War for the Planet of the Apes appears in an aspect ratio of approximately 2.40:1 on this Blu-ray Disc. As expected, this became a strong visual presentation.
Sharpness worked well, as I detected virtually no signs of softness. Instead, the movie remained accurate and concise. I witnessed no jagged edges or moiré effects, and both edge haloes and print flaws remained absent.
In terms of colors, War went with a chilly teal-oriented palette that also boasted splashes of orange. These hues lacked originality but the Blu-ray replicated them well.
Blacks seemed deep and dark, while shadows appeared smooth and clear. At all times, this turned into a pleasing image.
I also felt happy with the well-rendered DTS—HD MA 7.1 soundtrack of War. It created an involving soundscape that consistently used all the channels to its advantage.
This meant vivid punch in the various action scenes, of course, as those presented gunfire, explosions and other elements in appropriate spots all around the room. Quieter scenes worked well, too, as those created an inviting sense of place and environment. All these components blended together in a smooth, enveloping manner.
Audio quality worked fine, with natural, distinctive speech. Music was bold and bright, while effects showed accurate tones as well as deep, rich bass response. The soundtrack added kick to the proceedings and served the movie well.
As we shift to extras, we open with an audio commentary from writer/director Matt Reeves. He delivers a running, screen-specific look at story/characters and the path from Dawn, influences and inspirations, cast and performances, sets and locations, effects, music and cinematography, and various challenges.
A commentary for a film like War could easily become bogged down in technical minutiae, but Reeves avoids that trap. While he provides a good layer of information about those domains, he leavens the track with notes about the creative side of things. This becomes a well-balanced and thoroughly involving discussion of the movie.
10 Deleted Scenes fill a total of 23 minutes, three seconds. These offer a mix of fairly minor plot/character beats that seem moderately interesting. I can’t claim any of them offer lost nuggets of gold, though – they’re worth a look but not especially meaningful.
We can view these with or without commentary from Reeves. He tells us some background for the scenes as well as why they didn’t make the final cut. He continues to present useful information.
A few featurettes follow, and these start with Waging War for the Planet of the Apes, a 29-minute, 38-second piece with Reeves, co-writer Mark Bomback, producer Dylan Clark, costume designer Melissa Bruning, property master Douglas Harlocker, production designer James Chinlund, military advisor Thomas Potter, armourer Rob Fournier, special effects coordinator Joel Whist, and actors Andy Serkis, Woody Harrelson, Amiah Miller, Karin Konoval, Steve Zahn, Terry Notary, Ty Olsson, Michael Adamthwaite, and Gabriel Chavarria.
“Waging” examines influences and story/characters, cast and performances, sets and locations, costumes and props, stunts and action. Because Reeves covers so much in his commentary, inevitably “Waging” duplicates some content. That said, it gives us useful new perspectives as well as ample behind the scenes footage, factors that allow it to become a lively, informative show.
During the 12-minute, 40-second All About Caesar, we hear from Reeves, Serkis, Bomback, Clark, visual effects supervisor Dan Lemmon, and author/film historian Rich Handley. As expected, this piece looks at the Caesar character’s evolution and Serkis’s performance. It throws in a few good elements – with more fun shots from the set – but it lacks the substance of “Waging”.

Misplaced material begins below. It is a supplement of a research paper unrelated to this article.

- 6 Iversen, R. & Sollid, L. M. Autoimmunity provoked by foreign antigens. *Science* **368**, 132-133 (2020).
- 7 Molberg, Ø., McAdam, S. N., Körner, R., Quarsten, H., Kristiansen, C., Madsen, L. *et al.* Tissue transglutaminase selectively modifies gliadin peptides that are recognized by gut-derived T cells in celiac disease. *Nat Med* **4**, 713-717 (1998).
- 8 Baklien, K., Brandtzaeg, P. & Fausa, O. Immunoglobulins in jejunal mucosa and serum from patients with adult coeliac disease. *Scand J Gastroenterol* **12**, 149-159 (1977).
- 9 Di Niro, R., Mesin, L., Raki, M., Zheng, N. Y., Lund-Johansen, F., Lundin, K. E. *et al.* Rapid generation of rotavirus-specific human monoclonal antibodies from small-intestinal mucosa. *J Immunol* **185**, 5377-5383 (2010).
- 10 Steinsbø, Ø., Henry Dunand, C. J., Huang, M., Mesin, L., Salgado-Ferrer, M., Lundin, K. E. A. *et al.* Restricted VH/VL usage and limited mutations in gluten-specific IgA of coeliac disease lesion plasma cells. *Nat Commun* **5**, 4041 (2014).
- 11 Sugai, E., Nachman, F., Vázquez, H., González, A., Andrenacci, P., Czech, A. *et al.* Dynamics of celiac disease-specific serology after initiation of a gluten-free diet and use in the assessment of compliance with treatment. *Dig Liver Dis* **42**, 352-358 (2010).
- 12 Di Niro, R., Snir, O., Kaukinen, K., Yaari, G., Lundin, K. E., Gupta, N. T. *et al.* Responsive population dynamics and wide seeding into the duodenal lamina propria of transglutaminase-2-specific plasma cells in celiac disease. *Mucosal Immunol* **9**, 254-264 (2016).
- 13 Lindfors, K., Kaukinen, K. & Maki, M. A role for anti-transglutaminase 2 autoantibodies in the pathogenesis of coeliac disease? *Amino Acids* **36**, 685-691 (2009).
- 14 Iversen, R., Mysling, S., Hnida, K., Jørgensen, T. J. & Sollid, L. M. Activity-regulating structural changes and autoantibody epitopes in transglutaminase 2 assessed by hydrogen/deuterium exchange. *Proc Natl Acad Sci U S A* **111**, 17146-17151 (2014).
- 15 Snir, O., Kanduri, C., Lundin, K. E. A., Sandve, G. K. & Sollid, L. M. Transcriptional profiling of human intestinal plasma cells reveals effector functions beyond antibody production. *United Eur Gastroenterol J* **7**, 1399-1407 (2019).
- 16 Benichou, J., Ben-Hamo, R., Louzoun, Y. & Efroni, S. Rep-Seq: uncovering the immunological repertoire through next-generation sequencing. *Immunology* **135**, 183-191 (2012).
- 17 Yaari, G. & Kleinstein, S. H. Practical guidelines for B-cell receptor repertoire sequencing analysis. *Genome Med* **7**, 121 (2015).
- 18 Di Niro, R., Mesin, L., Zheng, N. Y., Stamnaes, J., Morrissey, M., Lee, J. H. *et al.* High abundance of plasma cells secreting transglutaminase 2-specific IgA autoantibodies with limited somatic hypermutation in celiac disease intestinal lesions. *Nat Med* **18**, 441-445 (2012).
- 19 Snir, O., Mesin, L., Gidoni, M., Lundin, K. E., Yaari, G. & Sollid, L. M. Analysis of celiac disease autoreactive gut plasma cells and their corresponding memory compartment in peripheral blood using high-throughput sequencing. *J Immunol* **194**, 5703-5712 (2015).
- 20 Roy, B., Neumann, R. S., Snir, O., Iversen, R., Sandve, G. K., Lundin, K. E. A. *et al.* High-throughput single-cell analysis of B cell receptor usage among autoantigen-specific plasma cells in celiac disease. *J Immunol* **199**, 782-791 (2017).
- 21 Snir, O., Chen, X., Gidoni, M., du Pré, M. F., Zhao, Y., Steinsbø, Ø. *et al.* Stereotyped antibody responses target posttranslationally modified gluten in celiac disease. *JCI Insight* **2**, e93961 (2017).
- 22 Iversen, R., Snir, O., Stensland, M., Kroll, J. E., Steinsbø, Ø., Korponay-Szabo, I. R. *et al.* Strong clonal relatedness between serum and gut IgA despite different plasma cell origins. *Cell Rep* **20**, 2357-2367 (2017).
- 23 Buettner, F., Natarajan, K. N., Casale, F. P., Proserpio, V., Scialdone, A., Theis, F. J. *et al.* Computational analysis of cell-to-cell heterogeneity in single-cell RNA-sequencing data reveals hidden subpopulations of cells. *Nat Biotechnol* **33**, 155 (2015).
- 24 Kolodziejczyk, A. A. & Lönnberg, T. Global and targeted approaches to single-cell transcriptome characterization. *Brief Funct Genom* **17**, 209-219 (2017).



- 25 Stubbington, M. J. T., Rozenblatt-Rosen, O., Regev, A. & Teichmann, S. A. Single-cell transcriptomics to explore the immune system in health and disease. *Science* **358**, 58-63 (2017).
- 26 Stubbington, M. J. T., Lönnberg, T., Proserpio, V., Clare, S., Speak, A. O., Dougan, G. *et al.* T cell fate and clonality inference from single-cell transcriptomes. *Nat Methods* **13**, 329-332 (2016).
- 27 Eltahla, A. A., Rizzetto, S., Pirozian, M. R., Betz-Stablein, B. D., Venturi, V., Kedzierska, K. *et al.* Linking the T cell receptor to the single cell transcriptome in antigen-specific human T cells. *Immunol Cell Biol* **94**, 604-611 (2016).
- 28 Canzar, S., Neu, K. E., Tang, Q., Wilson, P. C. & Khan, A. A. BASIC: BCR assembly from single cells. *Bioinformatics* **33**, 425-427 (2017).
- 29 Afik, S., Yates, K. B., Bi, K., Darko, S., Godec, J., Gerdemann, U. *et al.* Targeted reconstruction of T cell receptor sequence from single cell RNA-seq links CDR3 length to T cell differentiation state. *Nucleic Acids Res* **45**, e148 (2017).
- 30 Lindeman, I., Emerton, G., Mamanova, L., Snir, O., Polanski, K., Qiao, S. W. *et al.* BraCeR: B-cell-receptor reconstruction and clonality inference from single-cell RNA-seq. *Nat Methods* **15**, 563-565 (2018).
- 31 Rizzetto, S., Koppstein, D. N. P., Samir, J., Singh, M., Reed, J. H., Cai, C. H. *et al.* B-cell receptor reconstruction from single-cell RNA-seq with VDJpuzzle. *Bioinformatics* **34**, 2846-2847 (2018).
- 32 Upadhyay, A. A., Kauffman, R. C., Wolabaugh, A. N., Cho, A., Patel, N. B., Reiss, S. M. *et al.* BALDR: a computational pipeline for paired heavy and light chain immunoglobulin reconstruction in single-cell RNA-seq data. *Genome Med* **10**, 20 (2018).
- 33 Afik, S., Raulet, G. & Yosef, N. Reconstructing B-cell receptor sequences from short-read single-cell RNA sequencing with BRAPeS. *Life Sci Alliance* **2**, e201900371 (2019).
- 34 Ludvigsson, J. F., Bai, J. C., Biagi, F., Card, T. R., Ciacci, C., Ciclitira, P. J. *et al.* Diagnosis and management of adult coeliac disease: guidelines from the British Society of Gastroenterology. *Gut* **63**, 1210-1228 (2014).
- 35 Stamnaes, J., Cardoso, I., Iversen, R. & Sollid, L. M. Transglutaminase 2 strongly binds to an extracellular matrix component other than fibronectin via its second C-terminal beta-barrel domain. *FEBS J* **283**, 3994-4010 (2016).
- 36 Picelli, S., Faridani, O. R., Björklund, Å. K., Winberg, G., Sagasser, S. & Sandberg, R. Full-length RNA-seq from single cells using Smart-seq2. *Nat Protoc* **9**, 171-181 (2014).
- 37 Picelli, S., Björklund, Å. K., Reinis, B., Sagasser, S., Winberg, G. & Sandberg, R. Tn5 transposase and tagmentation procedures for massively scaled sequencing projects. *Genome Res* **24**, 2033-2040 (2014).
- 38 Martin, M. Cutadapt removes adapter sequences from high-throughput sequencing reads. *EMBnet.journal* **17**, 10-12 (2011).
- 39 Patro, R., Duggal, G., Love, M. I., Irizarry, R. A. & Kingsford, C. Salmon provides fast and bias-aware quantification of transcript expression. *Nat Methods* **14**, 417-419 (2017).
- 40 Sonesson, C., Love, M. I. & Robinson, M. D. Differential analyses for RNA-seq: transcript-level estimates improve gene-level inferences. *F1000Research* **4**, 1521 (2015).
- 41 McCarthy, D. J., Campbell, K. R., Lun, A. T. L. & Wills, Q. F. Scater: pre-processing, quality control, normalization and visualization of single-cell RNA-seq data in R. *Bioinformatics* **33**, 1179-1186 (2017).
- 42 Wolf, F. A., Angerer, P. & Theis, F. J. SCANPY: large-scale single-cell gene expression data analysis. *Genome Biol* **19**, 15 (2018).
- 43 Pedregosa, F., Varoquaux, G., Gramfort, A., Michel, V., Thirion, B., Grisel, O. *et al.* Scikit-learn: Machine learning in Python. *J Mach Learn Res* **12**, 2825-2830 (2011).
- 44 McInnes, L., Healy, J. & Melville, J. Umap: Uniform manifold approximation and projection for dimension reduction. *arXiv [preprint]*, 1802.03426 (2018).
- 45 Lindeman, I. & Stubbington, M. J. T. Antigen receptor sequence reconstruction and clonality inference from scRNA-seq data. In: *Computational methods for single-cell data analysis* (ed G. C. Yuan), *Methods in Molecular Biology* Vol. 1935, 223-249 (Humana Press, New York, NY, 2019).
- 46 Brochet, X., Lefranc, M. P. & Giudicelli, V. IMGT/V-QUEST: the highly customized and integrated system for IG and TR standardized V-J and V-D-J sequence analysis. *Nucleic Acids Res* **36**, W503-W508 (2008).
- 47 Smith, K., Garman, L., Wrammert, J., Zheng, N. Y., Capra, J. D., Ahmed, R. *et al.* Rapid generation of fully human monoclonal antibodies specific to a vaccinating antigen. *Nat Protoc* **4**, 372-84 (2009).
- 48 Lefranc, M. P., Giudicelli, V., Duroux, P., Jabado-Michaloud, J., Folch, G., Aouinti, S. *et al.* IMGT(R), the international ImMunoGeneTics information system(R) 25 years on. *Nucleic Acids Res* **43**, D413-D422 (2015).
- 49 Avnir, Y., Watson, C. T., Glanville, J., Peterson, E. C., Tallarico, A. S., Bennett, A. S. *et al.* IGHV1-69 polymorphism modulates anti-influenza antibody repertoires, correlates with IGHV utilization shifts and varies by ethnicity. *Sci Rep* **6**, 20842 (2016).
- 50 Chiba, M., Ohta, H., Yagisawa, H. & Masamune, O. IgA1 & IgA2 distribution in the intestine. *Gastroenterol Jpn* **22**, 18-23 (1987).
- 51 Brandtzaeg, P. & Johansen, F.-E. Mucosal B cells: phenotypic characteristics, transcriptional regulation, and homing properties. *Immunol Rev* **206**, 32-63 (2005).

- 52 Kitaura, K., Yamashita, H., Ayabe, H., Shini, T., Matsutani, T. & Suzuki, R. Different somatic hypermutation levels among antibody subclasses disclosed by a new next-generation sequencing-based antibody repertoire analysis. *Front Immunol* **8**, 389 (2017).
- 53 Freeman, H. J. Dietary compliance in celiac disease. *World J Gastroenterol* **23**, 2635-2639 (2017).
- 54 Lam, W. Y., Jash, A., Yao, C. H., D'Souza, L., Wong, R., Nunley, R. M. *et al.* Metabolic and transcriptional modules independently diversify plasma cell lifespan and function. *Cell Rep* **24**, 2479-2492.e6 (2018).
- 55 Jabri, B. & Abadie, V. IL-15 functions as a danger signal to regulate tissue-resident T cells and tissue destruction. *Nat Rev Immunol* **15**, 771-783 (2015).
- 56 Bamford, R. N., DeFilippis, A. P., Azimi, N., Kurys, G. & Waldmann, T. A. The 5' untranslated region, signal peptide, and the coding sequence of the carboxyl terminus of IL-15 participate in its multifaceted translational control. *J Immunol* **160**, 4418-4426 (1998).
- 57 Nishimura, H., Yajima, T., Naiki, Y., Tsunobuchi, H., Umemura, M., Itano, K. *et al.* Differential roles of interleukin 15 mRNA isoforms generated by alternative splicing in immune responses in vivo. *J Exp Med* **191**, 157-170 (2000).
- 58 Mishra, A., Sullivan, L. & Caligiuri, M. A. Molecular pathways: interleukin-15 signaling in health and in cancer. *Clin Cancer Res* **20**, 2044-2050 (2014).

Effects come to the fore with Weta: Pushing Boundaries. It goes for 10 minutes, 36 seconds and includes Reeves, Lemmon, Serkis, senior visual effects coordinator Joe Letteri, co-producer Ryan Stafford, and visual effects supervisors Erik Winquist, Mark Gee and Luke Millar. Like the title implies, “Boundaries” looks at the visual effects work Weta did for the film. It becomes an efficient overview.
Next we get Music For Apes, a six-minute, 20-second show that involves Reeves and composer Michael Giacchino. We visit the recording studio and hear from Emil Richards, the percussionist who has worked on all the Apes movies since 1968. This becomes a fair glimpse of the musical processes.
Apes: The Meaning of It All fills 20 minutes, 15 seconds with info from Serkis, Clark, Zahn, Handley, Harrelson, Bomback, Reeves, and film historians Joe Fordham and Jeff Bond. The participants look back at the original Apes and aspects of the rebooted franchise. This turns into a decent overview, though not one with a ton of substance – it’s more an appreciation than anything else.
Finally, The Apes Saga: An Homage lasts seven minutes, 48 seconds and delivers material from Reeves, Clark, Fordham, Bomback, Bond and Handley. “Homage” looks at links between War and other Apes movies. It’s a fun exploration of these nods and influences.
In addition to three trailers, we end with a Concept Art Gallery. It breaks into three domains: “Characters” (8 images), “Drawings” (7) and “Paintings” (85). All offer good elements, though obviously “Paintings” provides the most substance.
As the third film in the series, War for the Planet of the Apes could’ve spun its wheels, but instead, it delivers a vivid tale of its own. The movie offers an unusual character orientation that allows it to create a vivid, involving narrative. The Blu-ray presents excellent picture and audio along with generally informative supplements. I hope we get more Apes films, as War continues the franchise well.